Prove or disprove: A natural number n ≥ 2 is a prime if for every integer b between 1 and n − 1.
Suppose not. Suppose that there is a natural number , which is a not prime but for all .
Because n is not a prime, there must be integers r and s both greater than 1 such that . Because , it follows that by our assumption. By the definition of congruence modulo n, there exists k such that . Thus, and . But this is impossible since . Thus, our supposition is false, and any natural number such that for all is a prime. Q.E.D.
In my failed attempts to prove this statement, I accidentally proved the following two theorems. Since the results are pretty nice, I’ll include it here.
Cancellation Law in Modular Arithmetic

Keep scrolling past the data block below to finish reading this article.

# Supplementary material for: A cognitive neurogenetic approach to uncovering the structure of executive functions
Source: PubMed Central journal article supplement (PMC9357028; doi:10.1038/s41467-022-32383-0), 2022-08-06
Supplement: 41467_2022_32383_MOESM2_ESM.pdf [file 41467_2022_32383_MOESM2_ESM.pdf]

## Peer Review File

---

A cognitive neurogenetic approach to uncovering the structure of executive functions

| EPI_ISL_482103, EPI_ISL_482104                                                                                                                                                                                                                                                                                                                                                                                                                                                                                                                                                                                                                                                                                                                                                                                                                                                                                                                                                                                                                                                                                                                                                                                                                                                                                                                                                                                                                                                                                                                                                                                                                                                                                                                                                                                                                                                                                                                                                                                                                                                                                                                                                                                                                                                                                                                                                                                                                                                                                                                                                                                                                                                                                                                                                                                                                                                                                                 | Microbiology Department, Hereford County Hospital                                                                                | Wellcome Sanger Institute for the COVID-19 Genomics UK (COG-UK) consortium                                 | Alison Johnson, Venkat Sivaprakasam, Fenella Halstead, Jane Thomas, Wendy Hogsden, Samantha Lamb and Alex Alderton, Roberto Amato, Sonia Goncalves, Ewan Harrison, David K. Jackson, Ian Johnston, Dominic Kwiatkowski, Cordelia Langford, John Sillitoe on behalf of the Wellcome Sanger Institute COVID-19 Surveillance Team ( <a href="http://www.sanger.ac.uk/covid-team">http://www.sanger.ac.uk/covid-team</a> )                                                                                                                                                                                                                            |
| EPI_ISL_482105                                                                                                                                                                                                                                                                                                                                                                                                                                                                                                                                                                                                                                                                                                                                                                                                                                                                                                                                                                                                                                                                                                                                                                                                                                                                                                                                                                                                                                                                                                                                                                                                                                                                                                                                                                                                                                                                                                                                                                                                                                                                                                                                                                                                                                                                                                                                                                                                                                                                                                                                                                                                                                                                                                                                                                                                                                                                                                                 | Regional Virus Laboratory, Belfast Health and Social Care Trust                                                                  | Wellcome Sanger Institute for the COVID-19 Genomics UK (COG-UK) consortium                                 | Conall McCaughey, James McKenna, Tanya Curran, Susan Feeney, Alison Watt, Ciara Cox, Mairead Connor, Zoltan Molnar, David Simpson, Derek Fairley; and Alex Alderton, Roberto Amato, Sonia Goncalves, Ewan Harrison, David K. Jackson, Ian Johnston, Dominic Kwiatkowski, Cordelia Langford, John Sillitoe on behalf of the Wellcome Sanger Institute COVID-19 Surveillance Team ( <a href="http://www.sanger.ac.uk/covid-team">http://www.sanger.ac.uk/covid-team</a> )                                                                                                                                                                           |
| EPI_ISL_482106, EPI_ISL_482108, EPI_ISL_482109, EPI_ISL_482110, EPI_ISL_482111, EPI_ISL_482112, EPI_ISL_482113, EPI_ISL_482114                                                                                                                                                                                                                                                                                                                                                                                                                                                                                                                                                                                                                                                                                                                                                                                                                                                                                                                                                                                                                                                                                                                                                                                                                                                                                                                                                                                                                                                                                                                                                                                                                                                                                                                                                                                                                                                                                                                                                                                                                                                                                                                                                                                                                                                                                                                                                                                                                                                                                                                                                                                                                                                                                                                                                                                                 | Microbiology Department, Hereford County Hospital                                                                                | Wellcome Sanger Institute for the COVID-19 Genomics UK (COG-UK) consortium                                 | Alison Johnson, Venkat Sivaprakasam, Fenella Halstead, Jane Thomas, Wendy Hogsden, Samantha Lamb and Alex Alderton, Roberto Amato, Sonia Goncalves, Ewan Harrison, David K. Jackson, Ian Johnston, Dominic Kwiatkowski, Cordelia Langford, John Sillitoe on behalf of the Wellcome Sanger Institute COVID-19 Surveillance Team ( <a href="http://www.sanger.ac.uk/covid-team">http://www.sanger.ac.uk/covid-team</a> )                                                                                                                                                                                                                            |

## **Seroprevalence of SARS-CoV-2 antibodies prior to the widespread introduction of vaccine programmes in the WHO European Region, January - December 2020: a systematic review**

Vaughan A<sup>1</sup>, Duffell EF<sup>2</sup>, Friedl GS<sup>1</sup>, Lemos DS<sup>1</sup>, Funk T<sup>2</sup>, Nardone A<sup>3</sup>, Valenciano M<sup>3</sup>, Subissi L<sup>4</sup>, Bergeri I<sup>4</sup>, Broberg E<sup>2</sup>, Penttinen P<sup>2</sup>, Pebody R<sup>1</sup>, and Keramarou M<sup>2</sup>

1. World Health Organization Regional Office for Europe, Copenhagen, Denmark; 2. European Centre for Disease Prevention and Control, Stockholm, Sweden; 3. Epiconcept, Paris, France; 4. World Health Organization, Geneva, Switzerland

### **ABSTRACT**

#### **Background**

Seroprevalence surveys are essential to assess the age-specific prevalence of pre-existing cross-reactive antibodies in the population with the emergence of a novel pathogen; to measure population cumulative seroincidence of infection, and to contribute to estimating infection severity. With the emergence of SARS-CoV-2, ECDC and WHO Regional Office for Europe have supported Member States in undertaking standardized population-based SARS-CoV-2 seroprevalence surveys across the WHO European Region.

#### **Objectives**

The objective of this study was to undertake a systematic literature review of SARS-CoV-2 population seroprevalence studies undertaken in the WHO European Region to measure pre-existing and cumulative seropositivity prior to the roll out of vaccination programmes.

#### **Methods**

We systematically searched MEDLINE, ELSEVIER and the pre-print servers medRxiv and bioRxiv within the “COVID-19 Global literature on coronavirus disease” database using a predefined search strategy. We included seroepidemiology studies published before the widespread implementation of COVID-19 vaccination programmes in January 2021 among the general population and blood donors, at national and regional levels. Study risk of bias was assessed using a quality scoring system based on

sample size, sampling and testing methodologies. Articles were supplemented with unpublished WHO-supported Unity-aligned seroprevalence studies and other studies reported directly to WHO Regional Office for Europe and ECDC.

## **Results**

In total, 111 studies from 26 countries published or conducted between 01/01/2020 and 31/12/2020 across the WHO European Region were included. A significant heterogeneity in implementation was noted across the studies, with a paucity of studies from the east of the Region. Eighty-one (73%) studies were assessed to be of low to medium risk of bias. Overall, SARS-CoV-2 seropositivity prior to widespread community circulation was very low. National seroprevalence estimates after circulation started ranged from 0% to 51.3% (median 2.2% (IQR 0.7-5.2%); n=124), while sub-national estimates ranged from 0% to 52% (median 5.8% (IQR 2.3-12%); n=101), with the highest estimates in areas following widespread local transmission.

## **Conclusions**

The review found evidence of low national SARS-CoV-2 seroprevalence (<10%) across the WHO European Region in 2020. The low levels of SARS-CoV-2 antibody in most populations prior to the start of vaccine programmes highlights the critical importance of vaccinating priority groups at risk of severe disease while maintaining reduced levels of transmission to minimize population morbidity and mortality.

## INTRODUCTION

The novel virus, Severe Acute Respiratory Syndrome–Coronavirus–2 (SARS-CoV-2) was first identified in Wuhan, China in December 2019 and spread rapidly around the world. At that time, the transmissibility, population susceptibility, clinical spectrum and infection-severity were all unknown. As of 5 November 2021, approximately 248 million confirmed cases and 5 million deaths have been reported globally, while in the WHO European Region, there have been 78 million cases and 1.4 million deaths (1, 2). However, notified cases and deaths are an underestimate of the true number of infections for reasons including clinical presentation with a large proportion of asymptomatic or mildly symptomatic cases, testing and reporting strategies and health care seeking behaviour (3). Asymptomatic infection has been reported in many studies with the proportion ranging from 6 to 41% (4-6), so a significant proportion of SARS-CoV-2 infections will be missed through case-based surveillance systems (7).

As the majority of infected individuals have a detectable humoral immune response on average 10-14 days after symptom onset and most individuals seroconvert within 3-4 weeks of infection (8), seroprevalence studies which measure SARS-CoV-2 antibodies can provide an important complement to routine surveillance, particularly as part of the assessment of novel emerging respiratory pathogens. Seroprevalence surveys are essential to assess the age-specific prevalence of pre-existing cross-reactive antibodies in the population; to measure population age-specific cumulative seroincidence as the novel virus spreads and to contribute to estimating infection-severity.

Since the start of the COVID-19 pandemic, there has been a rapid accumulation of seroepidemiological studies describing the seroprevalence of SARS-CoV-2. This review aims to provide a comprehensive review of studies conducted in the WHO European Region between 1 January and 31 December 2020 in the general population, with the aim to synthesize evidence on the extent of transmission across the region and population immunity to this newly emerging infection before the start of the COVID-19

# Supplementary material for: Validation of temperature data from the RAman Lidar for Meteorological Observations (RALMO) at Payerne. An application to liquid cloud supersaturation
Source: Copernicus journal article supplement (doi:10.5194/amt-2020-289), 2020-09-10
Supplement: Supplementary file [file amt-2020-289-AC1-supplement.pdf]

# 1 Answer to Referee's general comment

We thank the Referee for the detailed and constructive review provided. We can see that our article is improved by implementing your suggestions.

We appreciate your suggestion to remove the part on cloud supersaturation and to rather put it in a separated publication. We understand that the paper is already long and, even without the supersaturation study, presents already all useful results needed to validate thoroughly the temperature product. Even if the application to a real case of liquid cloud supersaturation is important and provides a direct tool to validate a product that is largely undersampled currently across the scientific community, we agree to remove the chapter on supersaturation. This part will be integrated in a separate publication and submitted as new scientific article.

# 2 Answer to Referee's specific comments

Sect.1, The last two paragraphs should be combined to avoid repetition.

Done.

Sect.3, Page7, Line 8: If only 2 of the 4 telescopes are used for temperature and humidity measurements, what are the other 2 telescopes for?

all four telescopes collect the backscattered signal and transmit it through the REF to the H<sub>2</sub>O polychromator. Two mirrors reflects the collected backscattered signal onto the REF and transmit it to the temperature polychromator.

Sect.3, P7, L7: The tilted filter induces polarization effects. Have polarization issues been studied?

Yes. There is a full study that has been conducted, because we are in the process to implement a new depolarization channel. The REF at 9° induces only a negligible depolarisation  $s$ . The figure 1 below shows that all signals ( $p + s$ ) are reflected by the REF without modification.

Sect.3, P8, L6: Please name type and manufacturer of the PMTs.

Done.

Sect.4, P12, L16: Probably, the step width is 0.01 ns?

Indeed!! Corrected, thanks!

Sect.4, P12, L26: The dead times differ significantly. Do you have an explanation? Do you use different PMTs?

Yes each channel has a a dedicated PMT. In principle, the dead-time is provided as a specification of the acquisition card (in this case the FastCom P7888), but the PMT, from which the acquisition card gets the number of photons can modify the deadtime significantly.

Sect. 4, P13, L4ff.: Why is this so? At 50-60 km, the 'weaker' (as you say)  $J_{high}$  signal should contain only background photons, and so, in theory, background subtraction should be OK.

If k, r, and s are integers, n is a prime, and k is not divisible by n and , then .
Proof: Let k, r, s, and n be integers such that and . By the definition of congruence modulo n, or that . By Euclid’s lemma (for all integers a, b, and c, if and , then ), since . Thus by the definition of congruence modulo n, . Q.E.D.
Fermat’s Little Theorem
If a is an integer and b is a prime, then .
Proof: Let a be any integer and b be any prime. Then a ≠ 0 because otherwise .
Consider a set . Suppose for some integers k and m such that 1 ≤ k < m ≤ b. Since , by the cancellation law. By the definition of congruence modulo b, . But this is impossible since . Thus, every element in P belongs to a distinct equivalence class defined by congruence modulo b.
Now let us define a function F from P to a defined as . Then F is one-to-one because every element in P belongs to a distinct equivalence class defined by congruence modulo b, and Q is simply a set of the class representatives. Furthermore, F is onto because because F is one-to-one and P and Q have the same cardinality.
Thus, by the commutative law of modular arithmetic. Because b is a prime, . Applying the cancellation law yields: as desired. Q.E.D.
Epp., S. S. (2004). Discrete Mathematics with Applications. Cengage Learning.